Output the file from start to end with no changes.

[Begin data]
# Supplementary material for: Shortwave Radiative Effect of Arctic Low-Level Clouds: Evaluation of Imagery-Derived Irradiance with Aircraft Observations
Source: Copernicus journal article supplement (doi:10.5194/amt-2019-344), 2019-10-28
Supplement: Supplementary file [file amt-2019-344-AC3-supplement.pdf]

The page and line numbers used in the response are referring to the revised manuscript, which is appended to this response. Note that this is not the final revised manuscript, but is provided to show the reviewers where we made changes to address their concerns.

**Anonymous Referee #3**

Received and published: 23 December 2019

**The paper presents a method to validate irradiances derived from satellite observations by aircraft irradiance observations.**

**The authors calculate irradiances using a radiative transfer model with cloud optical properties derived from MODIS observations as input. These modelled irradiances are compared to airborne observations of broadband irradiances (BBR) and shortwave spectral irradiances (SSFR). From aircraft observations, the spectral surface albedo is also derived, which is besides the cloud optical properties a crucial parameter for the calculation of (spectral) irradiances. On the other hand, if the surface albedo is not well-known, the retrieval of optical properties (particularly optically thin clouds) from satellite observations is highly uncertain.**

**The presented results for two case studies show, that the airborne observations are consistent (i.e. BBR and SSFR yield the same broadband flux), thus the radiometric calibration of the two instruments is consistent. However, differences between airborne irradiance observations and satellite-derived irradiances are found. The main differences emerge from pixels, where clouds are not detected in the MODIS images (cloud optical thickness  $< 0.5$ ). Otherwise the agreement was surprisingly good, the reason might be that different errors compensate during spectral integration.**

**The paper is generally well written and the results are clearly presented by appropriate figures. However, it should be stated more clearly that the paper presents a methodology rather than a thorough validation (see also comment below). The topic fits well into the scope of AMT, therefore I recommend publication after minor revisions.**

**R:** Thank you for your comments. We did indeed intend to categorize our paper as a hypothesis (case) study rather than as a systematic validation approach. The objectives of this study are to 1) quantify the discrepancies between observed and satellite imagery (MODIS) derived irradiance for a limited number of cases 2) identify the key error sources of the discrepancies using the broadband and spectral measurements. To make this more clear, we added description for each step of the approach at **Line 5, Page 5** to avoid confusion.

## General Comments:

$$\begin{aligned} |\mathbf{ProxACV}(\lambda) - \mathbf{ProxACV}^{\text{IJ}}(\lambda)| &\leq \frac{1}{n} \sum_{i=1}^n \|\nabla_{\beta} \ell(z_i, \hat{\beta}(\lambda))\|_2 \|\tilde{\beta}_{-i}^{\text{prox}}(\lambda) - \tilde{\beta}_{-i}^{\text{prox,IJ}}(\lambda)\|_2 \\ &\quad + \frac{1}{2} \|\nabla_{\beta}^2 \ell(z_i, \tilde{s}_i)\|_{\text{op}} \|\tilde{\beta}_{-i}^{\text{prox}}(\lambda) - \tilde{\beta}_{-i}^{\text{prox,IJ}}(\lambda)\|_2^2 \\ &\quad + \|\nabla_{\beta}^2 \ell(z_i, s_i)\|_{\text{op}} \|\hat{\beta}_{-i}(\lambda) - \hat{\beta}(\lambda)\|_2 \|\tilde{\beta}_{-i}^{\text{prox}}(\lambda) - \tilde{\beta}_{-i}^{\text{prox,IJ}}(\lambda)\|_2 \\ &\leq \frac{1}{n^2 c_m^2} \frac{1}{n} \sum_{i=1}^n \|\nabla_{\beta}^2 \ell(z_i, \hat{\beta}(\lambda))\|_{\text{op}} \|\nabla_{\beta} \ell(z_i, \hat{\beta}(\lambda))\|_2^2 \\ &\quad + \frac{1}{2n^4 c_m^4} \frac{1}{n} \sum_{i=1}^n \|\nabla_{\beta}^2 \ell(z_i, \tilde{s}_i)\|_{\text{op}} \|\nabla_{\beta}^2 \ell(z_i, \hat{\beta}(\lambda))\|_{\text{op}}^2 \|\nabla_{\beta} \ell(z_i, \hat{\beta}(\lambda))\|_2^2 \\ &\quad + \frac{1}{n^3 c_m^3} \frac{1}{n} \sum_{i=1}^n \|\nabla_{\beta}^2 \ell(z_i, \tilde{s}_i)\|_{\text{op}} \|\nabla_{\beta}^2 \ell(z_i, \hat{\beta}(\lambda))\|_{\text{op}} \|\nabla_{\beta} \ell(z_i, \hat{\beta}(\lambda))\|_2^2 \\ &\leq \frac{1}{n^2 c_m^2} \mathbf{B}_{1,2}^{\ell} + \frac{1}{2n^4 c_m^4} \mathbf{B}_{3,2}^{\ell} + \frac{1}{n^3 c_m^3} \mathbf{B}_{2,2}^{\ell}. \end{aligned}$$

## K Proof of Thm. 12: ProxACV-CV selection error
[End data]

# Supplementary material for: Shortwave Radiative Effect of Arctic Low-Level Clouds: Evaluation of Imagery-Derived Irradiance with Aircraft Observations
Source: Copernicus journal article supplement (doi:10.5194/amt-2019-344), 2019-10-28
Supplement: Supplementary file [file amt-2019-344-AC3-supplement.pdf]

The page and line numbers used in the response are referring to the revised manuscript, which is appended to this response. Note that this is not the final revised manuscript, but is provided to show the reviewers where we made changes to address their concerns.

**Anonymous Referee #3**

Received and published: 23 December 2019

**The paper presents a method to validate irradiances derived from satellite observations by aircraft irradiance observations.**

**The authors calculate irradiances using a radiative transfer model with cloud optical properties derived from MODIS observations as input. These modelled irradiances are compared to airborne observations of broadband irradiances (BBR) and shortwave spectral irradiances (SSFR). From aircraft observations, the spectral surface albedo is also derived, which is besides the cloud optical properties a crucial parameter for the calculation of (spectral) irradiances. On the other hand, if the surface albedo is not well-known, the retrieval of optical properties (particularly optically thin clouds) from satellite observations is highly uncertain.**

**The presented results for two case studies show, that the airborne observations are consistent (i.e. BBR and SSFR yield the same broadband flux), thus the radiometric calibration of the two instruments is consistent. However, differences between airborne irradiance observations and satellite-derived irradiances are found. The main differences emerge from pixels, where clouds are not detected in the MODIS images (cloud optical thickness  $< 0.5$ ). Otherwise the agreement was surprisingly good, the reason might be that different errors compensate during spectral integration.**

**The paper is generally well written and the results are clearly presented by appropriate figures. However, it should be stated more clearly that the paper presents a methodology rather than a thorough validation (see also comment below). The topic fits well into the scope of AMT, therefore I recommend publication after minor revisions.**

**R:** Thank you for your comments. We did indeed intend to categorize our paper as a hypothesis (case) study rather than as a systematic validation approach. The objectives of this study are to 1) quantify the discrepancies between observed and satellite imagery (MODIS) derived irradiance for a limited number of cases 2) identify the key error sources of the discrepancies using the broadband and spectral measurements. To make this more clear, we added description for each step of the approach at **Line 5, Page 5** to avoid confusion.

## General Comments:

$$\begin{aligned} |\mathbf{ProxACV}(\lambda) - \mathbf{ProxACV}^{\text{IJ}}(\lambda)| &\leq \frac{1}{n} \sum_{i=1}^n \|\nabla_{\beta} \ell(z_i, \hat{\beta}(\lambda))\|_2 \|\tilde{\beta}_{-i}^{\text{prox}}(\lambda) - \tilde{\beta}_{-i}^{\text{prox,IJ}}(\lambda)\|_2 \\ &\quad + \frac{1}{2} \|\nabla_{\beta}^2 \ell(z_i, \tilde{s}_i)\|_{\text{op}} \|\tilde{\beta}_{-i}^{\text{prox}}(\lambda) - \tilde{\beta}_{-i}^{\text{prox,IJ}}(\lambda)\|_2^2 \\ &\quad + \|\nabla_{\beta}^2 \ell(z_i, s_i)\|_{\text{op}} \|\hat{\beta}_{-i}(\lambda) - \hat{\beta}(\lambda)\|_2 \|\tilde{\beta}_{-i}^{\text{prox}}(\lambda) - \tilde{\beta}_{-i}^{\text{prox,IJ}}(\lambda)\|_2 \\ &\leq \frac{1}{n^2 c_m^2} \frac{1}{n} \sum_{i=1}^n \|\nabla_{\beta}^2 \ell(z_i, \hat{\beta}(\lambda))\|_{\text{op}} \|\nabla_{\beta} \ell(z_i, \hat{\beta}(\lambda))\|_2^2 \\ &\quad + \frac{1}{2n^4 c_m^4} \frac{1}{n} \sum_{i=1}^n \|\nabla_{\beta}^2 \ell(z_i, \tilde{s}_i)\|_{\text{op}} \|\nabla_{\beta}^2 \ell(z_i, \hat{\beta}(\lambda))\|_{\text{op}}^2 \|\nabla_{\beta} \ell(z_i, \hat{\beta}(\lambda))\|_2^2 \\ &\quad + \frac{1}{n^3 c_m^3} \frac{1}{n} \sum_{i=1}^n \|\nabla_{\beta}^2 \ell(z_i, \tilde{s}_i)\|_{\text{op}} \|\nabla_{\beta}^2 \ell(z_i, \hat{\beta}(\lambda))\|_{\text{op}} \|\nabla_{\beta} \ell(z_i, \hat{\beta}(\lambda))\|_2^2 \\ &\leq \frac{1}{n^2 c_m^2} \mathbf{B}_{1,2}^{\ell} + \frac{1}{2n^4 c_m^4} \mathbf{B}_{3,2}^{\ell} + \frac{1}{n^3 c_m^3} \mathbf{B}_{2,2}^{\ell}. \end{aligned}$$

## K Proof of Thm. 12: ProxACV-CV selection error